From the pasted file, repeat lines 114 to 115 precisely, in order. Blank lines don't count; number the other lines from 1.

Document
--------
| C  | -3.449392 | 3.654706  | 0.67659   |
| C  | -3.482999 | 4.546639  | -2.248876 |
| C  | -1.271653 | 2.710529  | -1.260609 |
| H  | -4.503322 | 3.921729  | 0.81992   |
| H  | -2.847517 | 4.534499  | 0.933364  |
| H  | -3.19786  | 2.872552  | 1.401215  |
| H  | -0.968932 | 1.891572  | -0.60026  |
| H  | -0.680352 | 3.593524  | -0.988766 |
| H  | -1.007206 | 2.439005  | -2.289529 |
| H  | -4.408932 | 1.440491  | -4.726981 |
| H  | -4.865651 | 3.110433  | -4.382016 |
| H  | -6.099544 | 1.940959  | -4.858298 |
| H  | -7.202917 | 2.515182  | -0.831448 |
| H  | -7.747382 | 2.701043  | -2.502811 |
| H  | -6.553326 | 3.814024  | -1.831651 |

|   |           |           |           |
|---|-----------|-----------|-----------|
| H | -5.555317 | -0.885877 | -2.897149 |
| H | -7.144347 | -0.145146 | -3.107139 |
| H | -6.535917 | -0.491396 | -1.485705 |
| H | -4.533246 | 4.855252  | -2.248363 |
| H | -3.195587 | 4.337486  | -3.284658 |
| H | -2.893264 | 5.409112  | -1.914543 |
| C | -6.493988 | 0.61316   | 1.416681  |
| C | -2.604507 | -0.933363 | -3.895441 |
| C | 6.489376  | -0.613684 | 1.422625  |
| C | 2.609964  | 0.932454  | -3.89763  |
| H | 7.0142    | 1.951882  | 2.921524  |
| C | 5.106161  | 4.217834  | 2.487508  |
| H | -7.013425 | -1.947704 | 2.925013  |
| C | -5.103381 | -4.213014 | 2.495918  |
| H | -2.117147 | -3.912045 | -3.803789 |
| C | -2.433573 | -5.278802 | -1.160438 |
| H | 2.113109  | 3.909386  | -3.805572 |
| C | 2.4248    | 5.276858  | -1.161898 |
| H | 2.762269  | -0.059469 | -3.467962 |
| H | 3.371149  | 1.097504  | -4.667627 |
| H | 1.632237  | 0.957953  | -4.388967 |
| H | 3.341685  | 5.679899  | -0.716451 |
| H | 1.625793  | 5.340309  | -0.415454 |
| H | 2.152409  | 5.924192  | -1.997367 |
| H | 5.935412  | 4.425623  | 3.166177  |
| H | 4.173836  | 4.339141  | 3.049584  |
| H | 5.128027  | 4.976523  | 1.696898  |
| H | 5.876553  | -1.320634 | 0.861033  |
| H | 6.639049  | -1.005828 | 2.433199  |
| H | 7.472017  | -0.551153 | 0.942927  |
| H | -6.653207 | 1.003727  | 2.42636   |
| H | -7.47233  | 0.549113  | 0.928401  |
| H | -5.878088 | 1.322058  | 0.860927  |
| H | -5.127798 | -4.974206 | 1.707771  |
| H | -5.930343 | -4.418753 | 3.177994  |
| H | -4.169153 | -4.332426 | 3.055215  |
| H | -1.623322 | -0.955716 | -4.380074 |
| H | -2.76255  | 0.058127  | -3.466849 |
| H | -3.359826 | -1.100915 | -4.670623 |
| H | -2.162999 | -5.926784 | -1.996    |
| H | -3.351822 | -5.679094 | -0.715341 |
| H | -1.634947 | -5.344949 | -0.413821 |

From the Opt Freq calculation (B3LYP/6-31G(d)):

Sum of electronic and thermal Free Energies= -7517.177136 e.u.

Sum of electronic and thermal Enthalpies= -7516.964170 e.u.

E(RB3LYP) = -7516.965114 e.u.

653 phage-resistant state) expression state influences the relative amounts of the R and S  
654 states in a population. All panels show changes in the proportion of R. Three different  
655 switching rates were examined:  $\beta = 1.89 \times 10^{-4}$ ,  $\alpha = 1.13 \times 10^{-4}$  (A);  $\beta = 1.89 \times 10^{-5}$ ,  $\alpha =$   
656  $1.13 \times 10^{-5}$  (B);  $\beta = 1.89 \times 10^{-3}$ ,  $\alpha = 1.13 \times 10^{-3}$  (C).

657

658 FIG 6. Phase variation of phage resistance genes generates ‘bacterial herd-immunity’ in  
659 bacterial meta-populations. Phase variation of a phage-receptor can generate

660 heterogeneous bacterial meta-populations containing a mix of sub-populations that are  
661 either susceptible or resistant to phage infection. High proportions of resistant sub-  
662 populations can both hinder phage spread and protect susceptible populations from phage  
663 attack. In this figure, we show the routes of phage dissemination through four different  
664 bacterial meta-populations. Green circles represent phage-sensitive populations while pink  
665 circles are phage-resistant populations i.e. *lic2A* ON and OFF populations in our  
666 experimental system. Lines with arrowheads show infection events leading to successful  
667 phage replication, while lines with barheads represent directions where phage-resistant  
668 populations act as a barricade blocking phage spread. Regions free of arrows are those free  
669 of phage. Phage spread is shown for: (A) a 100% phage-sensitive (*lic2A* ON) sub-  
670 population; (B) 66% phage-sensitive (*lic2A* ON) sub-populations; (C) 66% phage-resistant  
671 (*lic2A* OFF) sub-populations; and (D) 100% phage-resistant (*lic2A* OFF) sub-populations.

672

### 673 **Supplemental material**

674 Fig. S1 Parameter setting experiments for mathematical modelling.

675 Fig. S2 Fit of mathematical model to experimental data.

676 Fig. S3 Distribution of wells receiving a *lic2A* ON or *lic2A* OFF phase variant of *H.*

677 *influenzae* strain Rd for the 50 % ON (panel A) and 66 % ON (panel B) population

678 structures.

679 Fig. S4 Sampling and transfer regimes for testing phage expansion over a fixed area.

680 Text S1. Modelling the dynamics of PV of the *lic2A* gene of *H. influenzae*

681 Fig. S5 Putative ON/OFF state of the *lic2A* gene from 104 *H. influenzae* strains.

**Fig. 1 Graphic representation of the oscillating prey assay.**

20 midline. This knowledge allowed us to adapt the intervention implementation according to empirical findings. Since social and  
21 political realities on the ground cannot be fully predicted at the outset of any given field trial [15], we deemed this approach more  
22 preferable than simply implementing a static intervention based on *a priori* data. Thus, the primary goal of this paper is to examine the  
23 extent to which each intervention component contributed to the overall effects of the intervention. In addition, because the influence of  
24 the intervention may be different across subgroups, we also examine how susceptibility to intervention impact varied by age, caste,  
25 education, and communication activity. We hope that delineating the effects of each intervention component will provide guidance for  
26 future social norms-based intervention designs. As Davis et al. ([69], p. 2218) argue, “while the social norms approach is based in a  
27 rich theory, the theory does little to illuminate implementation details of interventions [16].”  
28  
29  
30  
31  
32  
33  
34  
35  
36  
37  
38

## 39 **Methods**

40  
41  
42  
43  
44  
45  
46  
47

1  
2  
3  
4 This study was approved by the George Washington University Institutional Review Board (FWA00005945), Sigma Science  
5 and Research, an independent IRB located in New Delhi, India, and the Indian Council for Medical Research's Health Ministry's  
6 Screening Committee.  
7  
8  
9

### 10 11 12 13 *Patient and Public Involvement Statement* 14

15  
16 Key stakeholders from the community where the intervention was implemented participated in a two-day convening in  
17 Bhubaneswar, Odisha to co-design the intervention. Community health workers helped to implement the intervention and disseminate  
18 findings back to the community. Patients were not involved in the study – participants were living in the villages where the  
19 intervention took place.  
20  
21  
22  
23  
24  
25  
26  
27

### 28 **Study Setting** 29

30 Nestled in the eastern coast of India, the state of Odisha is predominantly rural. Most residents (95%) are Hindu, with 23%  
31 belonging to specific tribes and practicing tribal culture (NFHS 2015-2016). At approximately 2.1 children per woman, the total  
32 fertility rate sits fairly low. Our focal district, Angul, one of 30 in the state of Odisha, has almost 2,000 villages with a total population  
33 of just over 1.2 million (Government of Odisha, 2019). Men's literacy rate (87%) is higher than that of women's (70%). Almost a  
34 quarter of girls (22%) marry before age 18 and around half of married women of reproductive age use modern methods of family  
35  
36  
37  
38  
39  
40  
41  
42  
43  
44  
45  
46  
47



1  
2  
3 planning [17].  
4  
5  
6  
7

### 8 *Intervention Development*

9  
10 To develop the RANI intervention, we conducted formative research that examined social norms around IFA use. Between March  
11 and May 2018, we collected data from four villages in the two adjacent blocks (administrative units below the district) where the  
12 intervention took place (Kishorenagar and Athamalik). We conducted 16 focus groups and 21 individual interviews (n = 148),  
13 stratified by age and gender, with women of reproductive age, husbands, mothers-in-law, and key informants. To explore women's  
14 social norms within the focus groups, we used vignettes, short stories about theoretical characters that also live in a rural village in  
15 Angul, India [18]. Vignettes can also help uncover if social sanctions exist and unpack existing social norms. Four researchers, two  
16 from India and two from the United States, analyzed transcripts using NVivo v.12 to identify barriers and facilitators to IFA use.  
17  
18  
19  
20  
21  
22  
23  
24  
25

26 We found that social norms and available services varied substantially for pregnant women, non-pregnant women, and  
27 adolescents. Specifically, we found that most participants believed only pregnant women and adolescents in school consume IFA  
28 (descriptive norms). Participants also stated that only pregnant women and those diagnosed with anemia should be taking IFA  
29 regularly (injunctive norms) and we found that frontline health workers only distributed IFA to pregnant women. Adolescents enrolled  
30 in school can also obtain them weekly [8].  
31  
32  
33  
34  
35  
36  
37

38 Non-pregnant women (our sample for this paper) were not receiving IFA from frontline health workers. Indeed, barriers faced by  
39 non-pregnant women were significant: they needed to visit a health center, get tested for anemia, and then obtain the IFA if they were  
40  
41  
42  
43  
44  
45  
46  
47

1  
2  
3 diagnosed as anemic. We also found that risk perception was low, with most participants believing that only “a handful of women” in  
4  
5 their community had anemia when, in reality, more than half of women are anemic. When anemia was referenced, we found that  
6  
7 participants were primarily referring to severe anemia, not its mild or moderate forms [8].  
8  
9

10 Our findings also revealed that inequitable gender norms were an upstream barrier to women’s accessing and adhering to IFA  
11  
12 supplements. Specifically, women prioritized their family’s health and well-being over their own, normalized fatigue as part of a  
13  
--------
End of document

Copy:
40  
41  